It is great to see just how well the Tsalala Female is doing. We do have a number of different Kingfishers that are all stunning. We are loving the summer at the moment, everything is looking beautiful.

Magnificent pictures. Love the one of the saddle-billed stork.

Thank you so much, Christa. That photo of the Saddle-billed Stork is great.

Sean, We are loving the artistic chances you and your team are taking! The b&w closeups of the Ntsevu Sub-adult male and the Kudu are exceptional. We also enjoyed Dean’s on-point Crocodile – the markings would make an incredible print for a shirt! And it looked like we could see the reflection of Nick’s vehicle in the eyes of the young Hyena! Great shots for sure!

Thank you so much, Michael and Terri. It is so great to try a few different editing styles and techniques. Some work and others don’t, but you will never know unless you try.

You’re right Sean, it’s a week of varied and fantastic images. I loved seeing “ my favorite girl”, Tsalala looking so well on the airstrip. As long as she keeps her head down, she’ll hopefully avoid danger. Since she’s close to mating age, which male could be a good candidate for her?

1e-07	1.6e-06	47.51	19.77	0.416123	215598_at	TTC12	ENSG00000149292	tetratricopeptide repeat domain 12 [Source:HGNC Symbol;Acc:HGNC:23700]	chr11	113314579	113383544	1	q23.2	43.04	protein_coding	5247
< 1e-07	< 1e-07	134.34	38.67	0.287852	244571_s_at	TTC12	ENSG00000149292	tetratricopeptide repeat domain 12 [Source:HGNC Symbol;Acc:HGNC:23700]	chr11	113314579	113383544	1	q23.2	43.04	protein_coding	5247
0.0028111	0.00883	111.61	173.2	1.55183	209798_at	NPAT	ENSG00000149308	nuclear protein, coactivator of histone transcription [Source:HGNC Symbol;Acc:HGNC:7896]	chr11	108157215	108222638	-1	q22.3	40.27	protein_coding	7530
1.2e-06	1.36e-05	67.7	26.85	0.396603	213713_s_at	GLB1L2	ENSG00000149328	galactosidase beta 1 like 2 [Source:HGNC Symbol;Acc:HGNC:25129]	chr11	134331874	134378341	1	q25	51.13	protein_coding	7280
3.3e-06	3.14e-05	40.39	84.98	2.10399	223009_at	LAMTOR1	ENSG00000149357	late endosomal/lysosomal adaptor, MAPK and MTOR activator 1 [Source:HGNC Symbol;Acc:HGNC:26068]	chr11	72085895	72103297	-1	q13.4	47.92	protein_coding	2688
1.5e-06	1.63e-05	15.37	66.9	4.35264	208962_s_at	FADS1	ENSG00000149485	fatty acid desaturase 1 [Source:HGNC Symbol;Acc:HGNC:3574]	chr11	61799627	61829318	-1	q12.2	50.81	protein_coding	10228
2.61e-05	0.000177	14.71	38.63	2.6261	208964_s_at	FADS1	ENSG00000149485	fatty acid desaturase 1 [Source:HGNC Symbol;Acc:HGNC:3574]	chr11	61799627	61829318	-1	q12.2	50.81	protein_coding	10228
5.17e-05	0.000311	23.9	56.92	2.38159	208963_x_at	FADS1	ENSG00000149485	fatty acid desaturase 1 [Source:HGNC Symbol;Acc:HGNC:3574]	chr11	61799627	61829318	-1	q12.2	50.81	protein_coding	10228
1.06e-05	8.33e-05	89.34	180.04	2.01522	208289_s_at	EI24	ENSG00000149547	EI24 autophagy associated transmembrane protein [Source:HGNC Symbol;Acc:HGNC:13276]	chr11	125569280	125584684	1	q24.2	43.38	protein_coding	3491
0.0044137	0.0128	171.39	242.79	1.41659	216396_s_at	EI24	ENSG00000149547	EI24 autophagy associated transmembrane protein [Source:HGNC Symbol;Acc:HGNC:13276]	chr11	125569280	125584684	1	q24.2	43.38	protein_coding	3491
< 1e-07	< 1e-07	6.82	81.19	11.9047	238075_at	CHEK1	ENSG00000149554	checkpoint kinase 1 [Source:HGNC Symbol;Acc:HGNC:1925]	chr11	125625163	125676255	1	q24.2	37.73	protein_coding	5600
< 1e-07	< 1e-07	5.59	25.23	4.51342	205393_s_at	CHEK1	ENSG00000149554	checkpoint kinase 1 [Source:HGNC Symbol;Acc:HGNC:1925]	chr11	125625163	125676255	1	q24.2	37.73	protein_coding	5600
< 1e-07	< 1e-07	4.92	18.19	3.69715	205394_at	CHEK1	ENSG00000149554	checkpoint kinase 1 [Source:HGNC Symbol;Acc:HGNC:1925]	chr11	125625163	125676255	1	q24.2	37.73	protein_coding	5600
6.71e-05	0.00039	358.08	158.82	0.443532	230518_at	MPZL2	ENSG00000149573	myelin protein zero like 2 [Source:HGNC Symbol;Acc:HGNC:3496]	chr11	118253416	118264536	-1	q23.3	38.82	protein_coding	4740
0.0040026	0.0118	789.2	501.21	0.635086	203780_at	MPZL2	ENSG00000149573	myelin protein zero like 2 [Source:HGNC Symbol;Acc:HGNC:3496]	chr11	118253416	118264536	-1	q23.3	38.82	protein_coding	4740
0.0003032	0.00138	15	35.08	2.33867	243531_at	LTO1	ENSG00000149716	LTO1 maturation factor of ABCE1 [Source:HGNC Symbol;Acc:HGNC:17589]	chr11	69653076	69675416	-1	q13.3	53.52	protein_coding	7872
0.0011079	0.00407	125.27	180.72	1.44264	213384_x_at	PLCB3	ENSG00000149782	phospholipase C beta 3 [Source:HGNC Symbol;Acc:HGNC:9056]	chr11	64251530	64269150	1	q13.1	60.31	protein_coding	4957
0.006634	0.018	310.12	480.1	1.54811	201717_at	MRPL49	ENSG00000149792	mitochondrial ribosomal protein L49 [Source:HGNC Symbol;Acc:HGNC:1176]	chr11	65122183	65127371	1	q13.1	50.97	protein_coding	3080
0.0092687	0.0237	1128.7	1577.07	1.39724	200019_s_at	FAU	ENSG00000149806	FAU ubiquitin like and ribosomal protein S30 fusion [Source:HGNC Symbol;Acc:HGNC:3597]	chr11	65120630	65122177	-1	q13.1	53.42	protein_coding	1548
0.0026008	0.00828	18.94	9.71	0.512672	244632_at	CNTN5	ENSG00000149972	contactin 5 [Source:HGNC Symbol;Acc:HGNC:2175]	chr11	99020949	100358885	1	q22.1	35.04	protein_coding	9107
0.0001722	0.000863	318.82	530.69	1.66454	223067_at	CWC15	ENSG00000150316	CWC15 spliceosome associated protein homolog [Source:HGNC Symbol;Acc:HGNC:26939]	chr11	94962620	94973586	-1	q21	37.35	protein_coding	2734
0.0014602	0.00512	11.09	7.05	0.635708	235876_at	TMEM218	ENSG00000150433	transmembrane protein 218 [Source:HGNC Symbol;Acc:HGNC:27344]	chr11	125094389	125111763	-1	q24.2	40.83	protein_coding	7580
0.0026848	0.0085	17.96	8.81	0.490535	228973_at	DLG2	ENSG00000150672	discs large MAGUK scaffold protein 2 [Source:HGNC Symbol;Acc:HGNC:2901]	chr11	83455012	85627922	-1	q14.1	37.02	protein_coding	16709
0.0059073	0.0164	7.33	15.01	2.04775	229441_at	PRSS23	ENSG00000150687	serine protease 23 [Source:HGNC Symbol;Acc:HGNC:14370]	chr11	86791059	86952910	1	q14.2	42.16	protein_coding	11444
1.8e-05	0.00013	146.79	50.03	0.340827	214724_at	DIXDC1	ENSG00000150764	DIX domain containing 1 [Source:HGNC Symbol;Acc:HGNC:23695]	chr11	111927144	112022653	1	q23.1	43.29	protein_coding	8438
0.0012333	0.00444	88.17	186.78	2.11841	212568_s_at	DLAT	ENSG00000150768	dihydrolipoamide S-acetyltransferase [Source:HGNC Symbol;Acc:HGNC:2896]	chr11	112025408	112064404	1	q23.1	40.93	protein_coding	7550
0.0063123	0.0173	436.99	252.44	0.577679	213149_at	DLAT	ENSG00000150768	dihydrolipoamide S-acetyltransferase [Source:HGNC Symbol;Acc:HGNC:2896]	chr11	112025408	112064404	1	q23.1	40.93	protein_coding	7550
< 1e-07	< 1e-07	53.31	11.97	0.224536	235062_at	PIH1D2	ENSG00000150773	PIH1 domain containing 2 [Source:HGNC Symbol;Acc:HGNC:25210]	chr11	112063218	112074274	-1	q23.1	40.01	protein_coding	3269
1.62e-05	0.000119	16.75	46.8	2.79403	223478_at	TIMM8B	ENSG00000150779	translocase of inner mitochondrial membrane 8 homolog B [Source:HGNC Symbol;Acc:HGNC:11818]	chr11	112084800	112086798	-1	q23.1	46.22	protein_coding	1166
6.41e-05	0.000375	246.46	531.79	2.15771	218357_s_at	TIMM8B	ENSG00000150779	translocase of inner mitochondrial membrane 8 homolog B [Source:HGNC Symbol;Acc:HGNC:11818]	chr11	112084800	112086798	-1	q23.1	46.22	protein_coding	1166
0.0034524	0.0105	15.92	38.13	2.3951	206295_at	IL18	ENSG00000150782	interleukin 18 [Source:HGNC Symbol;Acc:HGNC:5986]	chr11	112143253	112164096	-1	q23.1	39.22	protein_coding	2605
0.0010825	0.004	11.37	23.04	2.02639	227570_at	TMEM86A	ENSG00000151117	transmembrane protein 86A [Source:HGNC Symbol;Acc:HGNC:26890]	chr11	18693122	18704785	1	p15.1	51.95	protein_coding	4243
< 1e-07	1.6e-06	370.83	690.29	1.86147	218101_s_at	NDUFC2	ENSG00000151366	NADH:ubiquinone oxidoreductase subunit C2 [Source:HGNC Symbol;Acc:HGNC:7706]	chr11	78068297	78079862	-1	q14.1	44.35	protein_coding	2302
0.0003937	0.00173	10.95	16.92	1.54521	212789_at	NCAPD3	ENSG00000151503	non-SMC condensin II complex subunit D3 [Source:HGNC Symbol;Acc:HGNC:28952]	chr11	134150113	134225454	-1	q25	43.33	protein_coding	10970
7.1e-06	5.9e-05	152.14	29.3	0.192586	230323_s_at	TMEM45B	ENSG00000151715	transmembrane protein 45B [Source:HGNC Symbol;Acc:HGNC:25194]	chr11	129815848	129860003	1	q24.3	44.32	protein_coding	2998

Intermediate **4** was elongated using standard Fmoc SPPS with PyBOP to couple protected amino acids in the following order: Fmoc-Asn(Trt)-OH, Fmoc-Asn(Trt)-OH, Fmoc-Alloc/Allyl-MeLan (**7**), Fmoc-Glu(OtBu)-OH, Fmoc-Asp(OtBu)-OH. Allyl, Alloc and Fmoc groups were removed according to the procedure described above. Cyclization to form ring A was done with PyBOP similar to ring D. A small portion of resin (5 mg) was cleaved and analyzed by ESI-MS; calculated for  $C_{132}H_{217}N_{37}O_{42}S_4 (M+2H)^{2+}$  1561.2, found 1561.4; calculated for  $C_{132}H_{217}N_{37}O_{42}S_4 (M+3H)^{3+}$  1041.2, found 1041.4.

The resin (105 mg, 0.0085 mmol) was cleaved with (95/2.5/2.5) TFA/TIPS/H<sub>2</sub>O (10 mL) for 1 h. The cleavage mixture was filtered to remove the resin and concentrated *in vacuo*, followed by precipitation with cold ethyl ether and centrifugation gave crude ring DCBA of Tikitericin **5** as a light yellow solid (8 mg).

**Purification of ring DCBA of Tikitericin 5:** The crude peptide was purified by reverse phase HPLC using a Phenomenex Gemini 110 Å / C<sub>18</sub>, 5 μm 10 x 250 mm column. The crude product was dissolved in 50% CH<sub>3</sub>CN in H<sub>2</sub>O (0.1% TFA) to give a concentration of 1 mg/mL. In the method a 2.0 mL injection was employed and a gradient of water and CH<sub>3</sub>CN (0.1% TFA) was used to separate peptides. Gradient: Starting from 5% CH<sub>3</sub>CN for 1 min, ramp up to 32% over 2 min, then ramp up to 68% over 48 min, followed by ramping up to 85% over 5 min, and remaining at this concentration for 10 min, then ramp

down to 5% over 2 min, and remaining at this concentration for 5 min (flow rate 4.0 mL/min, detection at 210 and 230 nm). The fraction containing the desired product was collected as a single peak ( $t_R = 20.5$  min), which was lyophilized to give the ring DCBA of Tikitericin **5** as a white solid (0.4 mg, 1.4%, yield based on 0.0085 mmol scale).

Loved Dean’s photo of the Croc in the causeway and your Senegal Bush male relaxing with a full belly.

I’m looking forward to Sunday’s virtual safari-see you then.

Indeed a varied week, so many different subjects and styles being used. The Tsalala Female is doing so well, and as long as she avoids the other lions I am sure she will be fine.
She is still at least six months away from mating so a lot could change in that time. Right now she will probably try to mate with the Northern Avoca Males as well as the new Ndhzenga Males. I wouldn’t be surprised f she even tried to mate with the Plains Camp Males.